Will you make me cluck like a chicken? We like to respond to that question with: “Only if you think it is therapeutically necessary!” That question (or its variations of bark like a dog or quack like a duck) is often asked of us half-jokingly and it certainly works well as an ice-breaker! It is a myth that people can be made to do things against their will; you will not do something during the hypnotic state that you would not do otherwise. Hypnosis simply affords you deliberate access to the more powerful part of your mind, the subconscious mind, where you can make changes that will benefit you. You are always in control.

My mind is too sharp to be hypnotized; only weak-minded individuals can be hypnotized. This is simply not true. A sharp mind is an asset in accessing and benefiting from the state of hypnosis. Different induction methods will benefit different learning styles or information processing abilities. A skilled hypnotherapist will help you utilize your individual style and intelligence level to benefit from hypnosis.

I’m a control freak and control freaks can’t be hypnotized! Again, this is simply not true. In fact, control freaks are very successful with hypnosis because they are very good at making sure things go well in any situation. This is why a skilled hypnotherapist is essential—there are specific techniques that benefit all types of personalities; we are there to help you succeed, not to control you.

It is important to understand what hypnosis is and what it is not. This article was written to convey just that. Please feel free to call or e-mail us if you have any questions.

The abstract of a study (designed to further explain/define hypnosis) by John H. Gruzelier of the Department of Cognitive Neuroscience and Behaviour, Imperial College Medical School, London follows:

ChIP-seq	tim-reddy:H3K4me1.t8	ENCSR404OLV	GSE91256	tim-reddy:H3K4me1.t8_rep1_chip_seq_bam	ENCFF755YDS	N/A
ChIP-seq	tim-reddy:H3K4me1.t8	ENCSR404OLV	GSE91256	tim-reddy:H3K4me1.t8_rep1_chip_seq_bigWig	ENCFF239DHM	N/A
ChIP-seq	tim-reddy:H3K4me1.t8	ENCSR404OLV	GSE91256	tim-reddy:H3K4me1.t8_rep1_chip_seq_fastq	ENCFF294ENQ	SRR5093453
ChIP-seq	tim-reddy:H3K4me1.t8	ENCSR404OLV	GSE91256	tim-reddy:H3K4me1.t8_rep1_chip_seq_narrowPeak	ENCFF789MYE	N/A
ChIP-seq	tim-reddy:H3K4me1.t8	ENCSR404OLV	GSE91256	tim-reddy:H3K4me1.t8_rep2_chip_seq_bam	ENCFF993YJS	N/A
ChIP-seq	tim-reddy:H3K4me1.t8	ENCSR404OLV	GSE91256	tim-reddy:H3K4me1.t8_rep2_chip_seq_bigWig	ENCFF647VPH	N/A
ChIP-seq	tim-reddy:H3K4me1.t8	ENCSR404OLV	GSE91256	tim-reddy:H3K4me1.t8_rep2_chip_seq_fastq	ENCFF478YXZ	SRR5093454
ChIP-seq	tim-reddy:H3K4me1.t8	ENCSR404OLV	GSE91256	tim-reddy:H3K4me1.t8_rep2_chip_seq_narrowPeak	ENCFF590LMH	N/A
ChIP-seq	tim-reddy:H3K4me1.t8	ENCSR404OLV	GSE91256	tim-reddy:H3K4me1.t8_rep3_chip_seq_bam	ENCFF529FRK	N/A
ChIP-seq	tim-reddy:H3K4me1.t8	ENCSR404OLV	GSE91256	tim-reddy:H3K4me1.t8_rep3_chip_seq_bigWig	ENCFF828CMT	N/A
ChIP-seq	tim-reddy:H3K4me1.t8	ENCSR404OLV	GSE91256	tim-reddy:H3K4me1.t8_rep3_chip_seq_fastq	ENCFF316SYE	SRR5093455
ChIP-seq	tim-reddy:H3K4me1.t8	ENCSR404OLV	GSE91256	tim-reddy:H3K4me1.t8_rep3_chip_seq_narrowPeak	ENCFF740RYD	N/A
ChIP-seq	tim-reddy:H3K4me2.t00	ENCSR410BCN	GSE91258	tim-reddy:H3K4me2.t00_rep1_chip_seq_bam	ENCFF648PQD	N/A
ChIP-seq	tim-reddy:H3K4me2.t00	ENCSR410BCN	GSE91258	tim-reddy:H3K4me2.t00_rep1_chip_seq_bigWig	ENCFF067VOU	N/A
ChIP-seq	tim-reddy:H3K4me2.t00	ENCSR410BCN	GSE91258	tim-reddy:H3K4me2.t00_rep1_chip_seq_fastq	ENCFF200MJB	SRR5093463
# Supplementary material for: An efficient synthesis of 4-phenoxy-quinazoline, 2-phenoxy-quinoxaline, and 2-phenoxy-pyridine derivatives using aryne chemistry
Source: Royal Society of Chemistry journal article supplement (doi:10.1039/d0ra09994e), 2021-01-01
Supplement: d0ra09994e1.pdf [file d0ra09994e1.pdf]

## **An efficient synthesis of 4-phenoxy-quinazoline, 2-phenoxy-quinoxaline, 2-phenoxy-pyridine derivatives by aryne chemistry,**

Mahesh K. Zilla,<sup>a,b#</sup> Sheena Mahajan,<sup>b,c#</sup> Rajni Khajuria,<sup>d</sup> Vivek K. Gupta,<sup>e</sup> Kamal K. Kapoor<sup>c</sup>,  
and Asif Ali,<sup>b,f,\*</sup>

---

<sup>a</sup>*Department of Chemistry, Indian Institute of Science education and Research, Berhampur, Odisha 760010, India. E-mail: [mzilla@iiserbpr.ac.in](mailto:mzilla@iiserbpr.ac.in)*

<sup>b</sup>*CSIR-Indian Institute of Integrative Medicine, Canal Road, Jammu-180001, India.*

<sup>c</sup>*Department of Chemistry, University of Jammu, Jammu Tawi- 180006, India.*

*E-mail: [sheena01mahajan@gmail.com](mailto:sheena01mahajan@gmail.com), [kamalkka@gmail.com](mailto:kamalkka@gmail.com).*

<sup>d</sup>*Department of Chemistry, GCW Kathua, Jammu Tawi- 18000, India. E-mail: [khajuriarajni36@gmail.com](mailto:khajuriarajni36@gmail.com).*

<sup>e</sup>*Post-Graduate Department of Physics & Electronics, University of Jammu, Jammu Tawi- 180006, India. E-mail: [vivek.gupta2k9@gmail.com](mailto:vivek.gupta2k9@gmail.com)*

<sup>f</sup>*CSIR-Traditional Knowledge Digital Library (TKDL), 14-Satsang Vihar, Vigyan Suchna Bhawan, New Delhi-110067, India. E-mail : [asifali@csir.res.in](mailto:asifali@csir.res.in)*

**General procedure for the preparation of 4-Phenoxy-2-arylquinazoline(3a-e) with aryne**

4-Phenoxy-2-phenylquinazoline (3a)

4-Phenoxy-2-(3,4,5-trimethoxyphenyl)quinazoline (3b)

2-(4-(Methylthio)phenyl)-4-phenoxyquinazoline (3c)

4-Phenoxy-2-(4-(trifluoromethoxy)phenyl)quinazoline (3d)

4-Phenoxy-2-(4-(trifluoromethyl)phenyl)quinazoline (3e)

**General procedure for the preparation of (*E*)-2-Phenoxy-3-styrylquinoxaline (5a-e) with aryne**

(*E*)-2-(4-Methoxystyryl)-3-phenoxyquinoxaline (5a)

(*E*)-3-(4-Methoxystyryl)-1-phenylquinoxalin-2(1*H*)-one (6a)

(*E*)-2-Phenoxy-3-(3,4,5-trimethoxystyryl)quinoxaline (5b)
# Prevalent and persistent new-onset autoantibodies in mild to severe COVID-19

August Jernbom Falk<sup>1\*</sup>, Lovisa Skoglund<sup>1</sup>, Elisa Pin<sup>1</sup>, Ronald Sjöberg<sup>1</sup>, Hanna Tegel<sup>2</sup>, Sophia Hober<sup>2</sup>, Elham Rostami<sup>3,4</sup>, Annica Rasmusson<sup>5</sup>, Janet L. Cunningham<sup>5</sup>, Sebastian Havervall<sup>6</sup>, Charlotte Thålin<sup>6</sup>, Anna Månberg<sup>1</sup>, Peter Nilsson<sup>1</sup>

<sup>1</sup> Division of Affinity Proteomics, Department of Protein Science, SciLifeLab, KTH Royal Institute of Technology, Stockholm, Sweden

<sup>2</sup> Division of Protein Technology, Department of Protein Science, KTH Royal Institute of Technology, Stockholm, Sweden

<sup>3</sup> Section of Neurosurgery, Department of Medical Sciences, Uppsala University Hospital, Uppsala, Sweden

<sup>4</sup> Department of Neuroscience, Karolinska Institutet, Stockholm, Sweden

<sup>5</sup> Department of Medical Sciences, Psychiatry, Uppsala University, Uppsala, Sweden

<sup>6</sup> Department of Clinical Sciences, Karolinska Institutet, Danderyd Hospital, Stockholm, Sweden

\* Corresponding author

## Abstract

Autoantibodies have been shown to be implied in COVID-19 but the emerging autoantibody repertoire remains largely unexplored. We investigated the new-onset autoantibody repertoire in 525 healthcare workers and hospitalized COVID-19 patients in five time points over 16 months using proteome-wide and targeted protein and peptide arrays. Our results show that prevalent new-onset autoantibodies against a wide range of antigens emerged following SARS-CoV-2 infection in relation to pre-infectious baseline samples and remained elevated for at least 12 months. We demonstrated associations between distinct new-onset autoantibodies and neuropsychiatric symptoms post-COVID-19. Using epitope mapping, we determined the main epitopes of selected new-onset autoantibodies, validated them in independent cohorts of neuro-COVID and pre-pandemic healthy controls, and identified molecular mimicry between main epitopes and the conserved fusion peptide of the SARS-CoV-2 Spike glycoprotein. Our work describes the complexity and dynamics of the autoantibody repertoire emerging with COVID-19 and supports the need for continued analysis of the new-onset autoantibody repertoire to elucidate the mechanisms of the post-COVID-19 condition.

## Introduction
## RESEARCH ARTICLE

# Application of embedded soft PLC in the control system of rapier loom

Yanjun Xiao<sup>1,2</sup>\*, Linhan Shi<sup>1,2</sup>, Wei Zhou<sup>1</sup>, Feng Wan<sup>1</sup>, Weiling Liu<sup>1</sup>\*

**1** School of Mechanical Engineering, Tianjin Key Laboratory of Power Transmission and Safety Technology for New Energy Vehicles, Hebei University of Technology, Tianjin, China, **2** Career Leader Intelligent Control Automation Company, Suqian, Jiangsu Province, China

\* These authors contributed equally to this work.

An integration between neurobiological and sociocognitive perspectives is advocated to advance and overhaul the concept of hypnosis and its humanistic applications. The thesis is presented that hypnosis is an altered state of brain functional organization involving interrelations between brain regions initiated by the intervention of the hypnotist – that is, an atypical alteration of brain systems through an interpersonal and cultural context. Experimental evidence shows that the hypnotic process produces a brain state that is different from everyday neurophysiology, as shown by evidence of differential effects of attention and relaxation, and by evidence of cognitive and neurophysiological dissociation, which are central features of hypnosis. The hypnotic induction has a neurophysiological logic involving a temporal process that becomes conditioned to facilitate future induction and self-hypnosis. Our integrative perspective of brain systems in a social context includes a neuropsychological translation of the hypnotic induction and draws out the implications of orbital-frontal suppression for subjects being oblivious to embarrassment and being able to endure stage hypnosis. Wasteful pursuits in the field of hypnosis include the search for a single marker, premature closure of neurophysiological investigation, attributions and inferences such as ‘suggestion’ and goal-directed striving without validation and without consideration of process and mechanism, and the use of dichotomies such as ‘waking’ versus ‘sleeping’. Recommendations include considerations of multidimensionality regarding trance and levels of susceptibility; the modifiability of susceptibility; formal assessment of social conceptions about hypnosis; concurrent validation of susceptibility during experimental procedures; consideration of both objective and subjective measures of susceptibility together with cross-checking for inconsistencies; the feasibility of control conditions; assessment of processes underpinning suggestibility; distinguishing the social impact of experimental, clinical and stage hypnosis; and assessment of after-effects.